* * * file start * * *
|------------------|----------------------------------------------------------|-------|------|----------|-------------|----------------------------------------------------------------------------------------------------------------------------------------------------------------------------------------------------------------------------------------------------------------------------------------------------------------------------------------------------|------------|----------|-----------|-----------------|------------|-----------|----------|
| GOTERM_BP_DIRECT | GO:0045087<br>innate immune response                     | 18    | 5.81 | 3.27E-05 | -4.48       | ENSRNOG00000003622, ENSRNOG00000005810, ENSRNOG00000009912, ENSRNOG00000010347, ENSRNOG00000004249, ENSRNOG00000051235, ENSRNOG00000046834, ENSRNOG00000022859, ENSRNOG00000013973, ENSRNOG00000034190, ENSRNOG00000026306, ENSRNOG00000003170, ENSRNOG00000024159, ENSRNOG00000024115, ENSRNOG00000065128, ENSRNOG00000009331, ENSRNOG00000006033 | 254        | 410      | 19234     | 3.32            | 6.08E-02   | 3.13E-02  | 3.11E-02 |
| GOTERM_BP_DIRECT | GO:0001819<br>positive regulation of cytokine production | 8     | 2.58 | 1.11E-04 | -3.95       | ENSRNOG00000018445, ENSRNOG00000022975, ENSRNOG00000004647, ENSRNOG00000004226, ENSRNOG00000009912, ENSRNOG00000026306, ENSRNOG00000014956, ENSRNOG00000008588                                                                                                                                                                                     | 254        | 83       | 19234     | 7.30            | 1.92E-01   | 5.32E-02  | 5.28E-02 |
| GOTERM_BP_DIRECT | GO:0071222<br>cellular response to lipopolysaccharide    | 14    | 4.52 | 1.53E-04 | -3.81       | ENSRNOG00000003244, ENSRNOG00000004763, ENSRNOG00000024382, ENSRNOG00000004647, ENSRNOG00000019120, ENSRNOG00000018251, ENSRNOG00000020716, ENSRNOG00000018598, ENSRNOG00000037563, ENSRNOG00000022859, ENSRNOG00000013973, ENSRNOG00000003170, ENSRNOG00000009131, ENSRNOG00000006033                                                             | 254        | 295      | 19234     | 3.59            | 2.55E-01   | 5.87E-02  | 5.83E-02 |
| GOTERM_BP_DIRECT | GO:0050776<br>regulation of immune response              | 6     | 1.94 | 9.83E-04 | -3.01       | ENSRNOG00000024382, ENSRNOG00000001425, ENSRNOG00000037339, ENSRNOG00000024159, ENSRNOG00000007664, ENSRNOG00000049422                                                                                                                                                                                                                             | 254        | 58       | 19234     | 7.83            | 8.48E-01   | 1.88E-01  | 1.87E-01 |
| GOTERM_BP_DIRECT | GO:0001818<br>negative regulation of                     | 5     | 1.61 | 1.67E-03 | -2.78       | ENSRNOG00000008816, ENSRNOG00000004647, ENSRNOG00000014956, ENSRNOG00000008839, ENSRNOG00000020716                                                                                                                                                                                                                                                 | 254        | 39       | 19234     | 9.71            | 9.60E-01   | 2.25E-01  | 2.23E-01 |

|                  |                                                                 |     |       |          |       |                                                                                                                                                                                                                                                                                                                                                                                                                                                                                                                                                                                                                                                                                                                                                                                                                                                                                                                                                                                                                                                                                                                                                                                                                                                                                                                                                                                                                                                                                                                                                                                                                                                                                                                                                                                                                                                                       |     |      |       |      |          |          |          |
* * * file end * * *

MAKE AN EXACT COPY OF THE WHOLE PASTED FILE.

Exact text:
|------------------|----------------------------------------------------------|-------|------|----------|-------------|----------------------------------------------------------------------------------------------------------------------------------------------------------------------------------------------------------------------------------------------------------------------------------------------------------------------------------------------------|------------|----------|-----------|-----------------|------------|-----------|----------|
| GOTERM_BP_DIRECT | GO:0045087<br>innate immune response                     | 18    | 5.81 | 3.27E-05 | -4.48       | ENSRNOG00000003622, ENSRNOG00000005810, ENSRNOG00000009912, ENSRNOG00000010347, ENSRNOG00000004249, ENSRNOG00000051235, ENSRNOG00000046834, ENSRNOG00000022859, ENSRNOG00000013973, ENSRNOG00000034190, ENSRNOG00000026306, ENSRNOG00000003170, ENSRNOG00000024159, ENSRNOG00000024115, ENSRNOG00000065128, ENSRNOG00000009331, ENSRNOG00000006033 | 254        | 410      | 19234     | 3.32            | 6.08E-02   | 3.13E-02  | 3.11E-02 |
| GOTERM_BP_DIRECT | GO:0001819<br>positive regulation of cytokine production | 8     | 2.58 | 1.11E-04 | -3.95       | ENSRNOG00000018445, ENSRNOG00000022975, ENSRNOG00000004647, ENSRNOG00000004226, ENSRNOG00000009912, ENSRNOG00000026306, ENSRNOG00000014956, ENSRNOG00000008588                                                                                                                                                                                     | 254        | 83       | 19234     | 7.30            | 1.92E-01   | 5.32E-02  | 5.28E-02 |
| GOTERM_BP_DIRECT | GO:0071222<br>cellular response to lipopolysaccharide    | 14    | 4.52 | 1.53E-04 | -3.81       | ENSRNOG00000003244, ENSRNOG00000004763, ENSRNOG00000024382, ENSRNOG00000004647, ENSRNOG00000019120, ENSRNOG00000018251, ENSRNOG00000020716, ENSRNOG00000018598, ENSRNOG00000037563, ENSRNOG00000022859, ENSRNOG00000013973, ENSRNOG00000003170, ENSRNOG00000009131, ENSRNOG00000006033                                                             | 254        | 295      | 19234     | 3.59            | 2.55E-01   | 5.87E-02  | 5.83E-02 |
| GOTERM_BP_DIRECT | GO:0050776<br>regulation of immune response              | 6     | 1.94 | 9.83E-04 | -3.01       | ENSRNOG00000024382, ENSRNOG00000001425, ENSRNOG00000037339, ENSRNOG00000024159, ENSRNOG00000007664, ENSRNOG00000049422                                                                                                                                                                                                                             | 254        | 58       | 19234     | 7.83            | 8.48E-01   | 1.88E-01  | 1.87E-01 |
| GOTERM_BP_DIRECT | GO:0001818<br>negative regulation of                     | 5     | 1.61 | 1.67E-03 | -2.78       | ENSRNOG00000008816, ENSRNOG00000004647, ENSRNOG00000014956, ENSRNOG00000008839, ENSRNOG00000020716                                                                                                                                                                                                                                                 | 254        | 39       | 19234     | 9.71            | 9.60E-01   | 2.25E-01  | 2.23E-01 |

|                  |                                                                 |     |       |          |       |                                                                                                                                                                                                                                                                                                                                                                                                                                                                                                                                                                                                                                                                                                                                                                                                                                                                                                                                                                                                                                                                                                                                                                                                                                                                                                                                                                                                                                                                                                                                                                                                                                                                                                                                                                                                                                                                       |     |      |       |      |          |          |          |